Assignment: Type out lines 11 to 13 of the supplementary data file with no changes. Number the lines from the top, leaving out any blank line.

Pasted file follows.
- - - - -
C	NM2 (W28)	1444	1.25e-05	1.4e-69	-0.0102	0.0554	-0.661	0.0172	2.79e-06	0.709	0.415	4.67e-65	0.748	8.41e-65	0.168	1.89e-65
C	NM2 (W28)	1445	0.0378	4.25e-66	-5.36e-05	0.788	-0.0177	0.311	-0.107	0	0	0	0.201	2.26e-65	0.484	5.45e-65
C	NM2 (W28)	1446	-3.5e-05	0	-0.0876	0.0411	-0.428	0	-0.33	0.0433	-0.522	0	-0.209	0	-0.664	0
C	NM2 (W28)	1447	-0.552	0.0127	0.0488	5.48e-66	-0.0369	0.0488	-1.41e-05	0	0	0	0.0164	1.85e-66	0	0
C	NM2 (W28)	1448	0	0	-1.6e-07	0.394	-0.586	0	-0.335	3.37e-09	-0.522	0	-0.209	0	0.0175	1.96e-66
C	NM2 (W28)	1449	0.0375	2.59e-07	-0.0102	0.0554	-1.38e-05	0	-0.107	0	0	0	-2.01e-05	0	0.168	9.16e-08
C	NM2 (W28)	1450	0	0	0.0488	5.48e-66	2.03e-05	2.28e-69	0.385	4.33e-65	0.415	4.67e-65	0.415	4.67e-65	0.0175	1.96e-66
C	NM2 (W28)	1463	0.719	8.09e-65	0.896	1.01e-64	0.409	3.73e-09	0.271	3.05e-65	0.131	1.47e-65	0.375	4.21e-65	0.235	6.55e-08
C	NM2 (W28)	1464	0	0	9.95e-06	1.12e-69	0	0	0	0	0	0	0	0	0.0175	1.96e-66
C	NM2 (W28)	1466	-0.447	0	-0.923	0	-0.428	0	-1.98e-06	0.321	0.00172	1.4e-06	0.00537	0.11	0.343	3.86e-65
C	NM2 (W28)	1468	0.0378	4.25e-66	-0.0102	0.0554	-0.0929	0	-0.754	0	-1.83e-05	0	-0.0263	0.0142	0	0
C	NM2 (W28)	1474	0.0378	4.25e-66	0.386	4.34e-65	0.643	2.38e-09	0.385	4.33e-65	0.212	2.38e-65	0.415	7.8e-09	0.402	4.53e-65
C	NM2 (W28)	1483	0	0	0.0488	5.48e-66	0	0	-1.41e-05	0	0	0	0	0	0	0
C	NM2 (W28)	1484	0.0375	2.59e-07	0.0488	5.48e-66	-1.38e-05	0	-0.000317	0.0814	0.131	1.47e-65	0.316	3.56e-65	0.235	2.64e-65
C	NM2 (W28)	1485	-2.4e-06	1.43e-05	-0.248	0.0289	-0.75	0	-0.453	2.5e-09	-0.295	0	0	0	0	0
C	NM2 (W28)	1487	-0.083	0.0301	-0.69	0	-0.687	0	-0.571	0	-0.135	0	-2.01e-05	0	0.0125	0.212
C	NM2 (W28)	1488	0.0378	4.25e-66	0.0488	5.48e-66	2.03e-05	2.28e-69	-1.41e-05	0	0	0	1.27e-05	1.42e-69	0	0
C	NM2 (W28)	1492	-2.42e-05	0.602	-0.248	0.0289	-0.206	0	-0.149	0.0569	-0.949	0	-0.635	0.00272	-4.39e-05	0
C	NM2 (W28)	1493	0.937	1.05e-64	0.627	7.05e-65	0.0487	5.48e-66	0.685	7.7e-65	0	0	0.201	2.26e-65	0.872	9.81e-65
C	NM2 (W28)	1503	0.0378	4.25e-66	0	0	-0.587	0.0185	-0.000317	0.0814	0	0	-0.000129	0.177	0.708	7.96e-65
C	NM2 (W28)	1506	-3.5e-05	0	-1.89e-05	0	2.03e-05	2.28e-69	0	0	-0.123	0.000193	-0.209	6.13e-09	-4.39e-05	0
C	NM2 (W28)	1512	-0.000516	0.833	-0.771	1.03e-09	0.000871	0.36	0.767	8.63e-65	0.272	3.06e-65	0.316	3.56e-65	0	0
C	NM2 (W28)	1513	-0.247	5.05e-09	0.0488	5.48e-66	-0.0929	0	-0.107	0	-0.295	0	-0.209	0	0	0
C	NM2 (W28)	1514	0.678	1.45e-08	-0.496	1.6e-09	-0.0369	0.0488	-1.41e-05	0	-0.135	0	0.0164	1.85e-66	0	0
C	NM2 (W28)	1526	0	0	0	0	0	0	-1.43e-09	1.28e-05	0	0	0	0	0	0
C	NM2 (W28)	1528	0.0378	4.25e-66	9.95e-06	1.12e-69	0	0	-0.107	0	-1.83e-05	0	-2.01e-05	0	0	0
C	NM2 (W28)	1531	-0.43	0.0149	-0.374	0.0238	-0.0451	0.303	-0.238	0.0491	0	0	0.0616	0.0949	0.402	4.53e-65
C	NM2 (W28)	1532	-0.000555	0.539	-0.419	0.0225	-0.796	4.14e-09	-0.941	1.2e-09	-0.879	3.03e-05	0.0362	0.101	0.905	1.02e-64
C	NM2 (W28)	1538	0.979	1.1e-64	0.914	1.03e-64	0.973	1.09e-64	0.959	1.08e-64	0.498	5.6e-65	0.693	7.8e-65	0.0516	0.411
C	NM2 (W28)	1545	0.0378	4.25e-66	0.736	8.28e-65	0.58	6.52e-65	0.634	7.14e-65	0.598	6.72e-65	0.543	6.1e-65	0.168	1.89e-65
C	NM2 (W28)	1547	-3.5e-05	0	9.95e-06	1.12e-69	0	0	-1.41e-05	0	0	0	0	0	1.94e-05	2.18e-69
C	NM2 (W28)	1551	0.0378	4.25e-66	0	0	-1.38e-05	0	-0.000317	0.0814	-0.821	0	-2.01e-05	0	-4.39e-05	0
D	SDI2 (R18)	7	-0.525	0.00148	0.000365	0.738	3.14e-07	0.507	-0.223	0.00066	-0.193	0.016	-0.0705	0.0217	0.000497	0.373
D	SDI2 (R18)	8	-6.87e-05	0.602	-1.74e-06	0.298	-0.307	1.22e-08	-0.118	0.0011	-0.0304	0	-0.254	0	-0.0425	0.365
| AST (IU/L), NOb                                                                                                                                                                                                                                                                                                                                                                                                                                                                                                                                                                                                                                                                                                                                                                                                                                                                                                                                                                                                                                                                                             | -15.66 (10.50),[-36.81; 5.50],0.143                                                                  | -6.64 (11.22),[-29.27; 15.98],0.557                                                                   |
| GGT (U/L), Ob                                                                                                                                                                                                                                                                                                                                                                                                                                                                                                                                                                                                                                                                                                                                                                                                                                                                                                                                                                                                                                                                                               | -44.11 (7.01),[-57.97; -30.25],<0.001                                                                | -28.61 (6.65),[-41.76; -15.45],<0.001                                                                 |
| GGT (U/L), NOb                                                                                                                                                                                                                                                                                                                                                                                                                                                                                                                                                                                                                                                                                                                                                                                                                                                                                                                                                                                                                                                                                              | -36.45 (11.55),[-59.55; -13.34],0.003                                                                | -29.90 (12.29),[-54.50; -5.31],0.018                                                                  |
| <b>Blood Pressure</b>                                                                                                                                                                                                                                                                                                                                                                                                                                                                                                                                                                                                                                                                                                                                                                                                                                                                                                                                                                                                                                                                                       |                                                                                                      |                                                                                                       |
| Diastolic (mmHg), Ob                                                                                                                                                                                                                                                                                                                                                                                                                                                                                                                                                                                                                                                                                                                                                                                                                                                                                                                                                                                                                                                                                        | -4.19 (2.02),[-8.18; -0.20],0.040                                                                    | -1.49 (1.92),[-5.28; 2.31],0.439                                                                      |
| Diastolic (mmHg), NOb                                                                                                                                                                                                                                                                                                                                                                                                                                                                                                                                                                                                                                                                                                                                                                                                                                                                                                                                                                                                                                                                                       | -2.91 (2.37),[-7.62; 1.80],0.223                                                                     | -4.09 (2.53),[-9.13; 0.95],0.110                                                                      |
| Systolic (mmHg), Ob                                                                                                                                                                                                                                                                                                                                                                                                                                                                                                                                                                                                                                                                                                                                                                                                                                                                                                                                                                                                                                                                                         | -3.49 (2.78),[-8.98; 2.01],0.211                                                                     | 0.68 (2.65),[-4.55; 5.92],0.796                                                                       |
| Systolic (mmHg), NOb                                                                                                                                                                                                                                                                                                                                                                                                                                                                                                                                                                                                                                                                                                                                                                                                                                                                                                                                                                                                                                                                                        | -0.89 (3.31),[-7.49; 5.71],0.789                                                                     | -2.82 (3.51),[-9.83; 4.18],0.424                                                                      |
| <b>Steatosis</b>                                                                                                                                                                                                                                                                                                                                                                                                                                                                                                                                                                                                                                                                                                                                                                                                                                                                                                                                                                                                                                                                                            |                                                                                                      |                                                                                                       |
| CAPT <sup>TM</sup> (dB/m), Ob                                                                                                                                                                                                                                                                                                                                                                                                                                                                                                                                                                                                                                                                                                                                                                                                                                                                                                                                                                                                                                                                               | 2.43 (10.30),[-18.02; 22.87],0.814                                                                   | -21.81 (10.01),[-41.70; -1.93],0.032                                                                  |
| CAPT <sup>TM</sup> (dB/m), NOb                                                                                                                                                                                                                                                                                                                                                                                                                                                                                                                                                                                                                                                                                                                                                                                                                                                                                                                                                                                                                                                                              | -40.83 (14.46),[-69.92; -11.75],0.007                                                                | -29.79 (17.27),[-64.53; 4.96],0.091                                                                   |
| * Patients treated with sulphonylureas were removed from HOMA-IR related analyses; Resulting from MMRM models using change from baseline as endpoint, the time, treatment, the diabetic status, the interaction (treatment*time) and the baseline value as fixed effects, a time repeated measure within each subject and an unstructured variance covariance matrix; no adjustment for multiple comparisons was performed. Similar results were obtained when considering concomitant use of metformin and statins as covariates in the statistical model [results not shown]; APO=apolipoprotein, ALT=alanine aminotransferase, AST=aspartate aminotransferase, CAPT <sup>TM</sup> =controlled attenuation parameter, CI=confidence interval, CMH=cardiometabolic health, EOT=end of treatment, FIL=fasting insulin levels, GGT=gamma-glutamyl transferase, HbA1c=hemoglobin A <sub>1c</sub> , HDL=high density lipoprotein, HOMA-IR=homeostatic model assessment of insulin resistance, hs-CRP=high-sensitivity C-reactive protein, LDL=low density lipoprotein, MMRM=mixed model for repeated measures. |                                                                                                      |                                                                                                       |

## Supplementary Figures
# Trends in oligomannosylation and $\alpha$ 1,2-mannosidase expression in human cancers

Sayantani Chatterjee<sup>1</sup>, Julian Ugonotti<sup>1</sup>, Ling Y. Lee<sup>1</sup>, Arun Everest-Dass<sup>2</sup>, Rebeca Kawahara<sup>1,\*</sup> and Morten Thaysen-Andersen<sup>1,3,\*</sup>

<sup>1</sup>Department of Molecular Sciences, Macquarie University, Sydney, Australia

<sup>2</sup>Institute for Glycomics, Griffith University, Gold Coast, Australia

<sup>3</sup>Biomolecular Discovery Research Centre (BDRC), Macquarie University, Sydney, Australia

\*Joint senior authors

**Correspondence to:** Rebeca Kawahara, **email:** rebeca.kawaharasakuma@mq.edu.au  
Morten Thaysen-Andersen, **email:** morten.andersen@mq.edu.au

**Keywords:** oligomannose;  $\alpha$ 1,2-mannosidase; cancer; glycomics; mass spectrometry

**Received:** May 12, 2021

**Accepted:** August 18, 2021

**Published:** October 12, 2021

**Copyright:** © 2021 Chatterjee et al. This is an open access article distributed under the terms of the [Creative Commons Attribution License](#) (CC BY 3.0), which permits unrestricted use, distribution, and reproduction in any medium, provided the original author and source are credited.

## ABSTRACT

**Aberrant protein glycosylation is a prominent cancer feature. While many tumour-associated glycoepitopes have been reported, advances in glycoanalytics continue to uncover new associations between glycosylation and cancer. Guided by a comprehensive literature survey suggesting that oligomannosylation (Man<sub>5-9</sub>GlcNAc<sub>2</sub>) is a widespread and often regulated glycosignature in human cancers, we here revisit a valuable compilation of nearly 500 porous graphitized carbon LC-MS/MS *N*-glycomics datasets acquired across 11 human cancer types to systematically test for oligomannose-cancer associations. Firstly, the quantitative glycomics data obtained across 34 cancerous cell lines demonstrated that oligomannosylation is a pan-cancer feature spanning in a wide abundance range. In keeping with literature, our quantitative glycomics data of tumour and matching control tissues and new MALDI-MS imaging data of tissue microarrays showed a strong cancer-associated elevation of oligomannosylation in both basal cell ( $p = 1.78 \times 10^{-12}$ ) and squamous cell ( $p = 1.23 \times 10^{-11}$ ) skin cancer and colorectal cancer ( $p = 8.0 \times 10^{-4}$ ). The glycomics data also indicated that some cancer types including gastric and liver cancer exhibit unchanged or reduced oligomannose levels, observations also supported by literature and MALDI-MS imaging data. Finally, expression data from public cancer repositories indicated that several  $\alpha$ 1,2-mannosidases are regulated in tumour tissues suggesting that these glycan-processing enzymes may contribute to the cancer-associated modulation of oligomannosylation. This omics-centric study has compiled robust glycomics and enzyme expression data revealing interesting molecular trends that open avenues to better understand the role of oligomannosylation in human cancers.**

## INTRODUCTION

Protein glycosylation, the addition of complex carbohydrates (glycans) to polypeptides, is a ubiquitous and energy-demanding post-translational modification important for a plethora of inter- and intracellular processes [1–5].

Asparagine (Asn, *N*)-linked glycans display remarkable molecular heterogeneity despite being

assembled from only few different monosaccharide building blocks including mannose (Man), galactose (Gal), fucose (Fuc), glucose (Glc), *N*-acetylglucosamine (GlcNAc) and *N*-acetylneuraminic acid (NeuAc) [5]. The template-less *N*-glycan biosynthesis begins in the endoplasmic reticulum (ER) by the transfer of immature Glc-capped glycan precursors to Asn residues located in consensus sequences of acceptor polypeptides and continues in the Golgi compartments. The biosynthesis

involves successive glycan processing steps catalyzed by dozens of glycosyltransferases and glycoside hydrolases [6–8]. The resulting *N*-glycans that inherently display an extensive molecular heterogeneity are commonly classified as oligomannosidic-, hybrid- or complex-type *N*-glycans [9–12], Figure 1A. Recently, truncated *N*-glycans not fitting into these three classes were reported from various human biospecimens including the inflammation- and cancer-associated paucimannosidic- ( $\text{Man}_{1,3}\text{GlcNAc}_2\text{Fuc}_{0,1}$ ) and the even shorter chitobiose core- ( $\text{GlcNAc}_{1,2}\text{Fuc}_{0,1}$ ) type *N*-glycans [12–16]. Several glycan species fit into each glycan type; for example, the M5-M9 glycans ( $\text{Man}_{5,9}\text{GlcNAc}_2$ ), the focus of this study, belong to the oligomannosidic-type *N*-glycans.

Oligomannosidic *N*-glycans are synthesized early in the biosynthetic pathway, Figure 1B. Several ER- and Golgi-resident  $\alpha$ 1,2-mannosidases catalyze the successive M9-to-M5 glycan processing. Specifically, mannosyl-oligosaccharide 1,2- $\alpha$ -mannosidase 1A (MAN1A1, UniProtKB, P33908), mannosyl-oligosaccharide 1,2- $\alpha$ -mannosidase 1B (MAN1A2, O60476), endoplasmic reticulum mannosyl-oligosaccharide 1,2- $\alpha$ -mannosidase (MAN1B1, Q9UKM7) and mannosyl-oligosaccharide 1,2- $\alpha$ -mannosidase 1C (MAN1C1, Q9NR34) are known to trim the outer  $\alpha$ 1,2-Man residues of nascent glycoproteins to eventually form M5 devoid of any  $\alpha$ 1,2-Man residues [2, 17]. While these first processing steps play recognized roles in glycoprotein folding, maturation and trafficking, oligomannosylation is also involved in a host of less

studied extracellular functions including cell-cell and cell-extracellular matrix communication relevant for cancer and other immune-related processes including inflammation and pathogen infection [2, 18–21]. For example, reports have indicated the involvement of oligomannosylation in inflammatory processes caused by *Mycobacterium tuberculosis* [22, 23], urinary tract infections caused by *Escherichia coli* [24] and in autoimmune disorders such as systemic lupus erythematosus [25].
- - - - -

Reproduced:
C	NM2 (W28)	1468	0.0378	4.25e-66	-0.0102	0.0554	-0.0929	0	-0.754	0	-1.83e-05	0	-0.0263	0.0142	0	0
C	NM2 (W28)	1474	0.0378	4.25e-66	0.386	4.34e-65	0.643	2.38e-09	0.385	4.33e-65	0.212	2.38e-65	0.415	7.8e-09	0.402	4.53e-65
C	NM2 (W28)	1483	0	0	0.0488	5.48e-66	0	0	-1.41e-05	0	0	0	0	0	0	0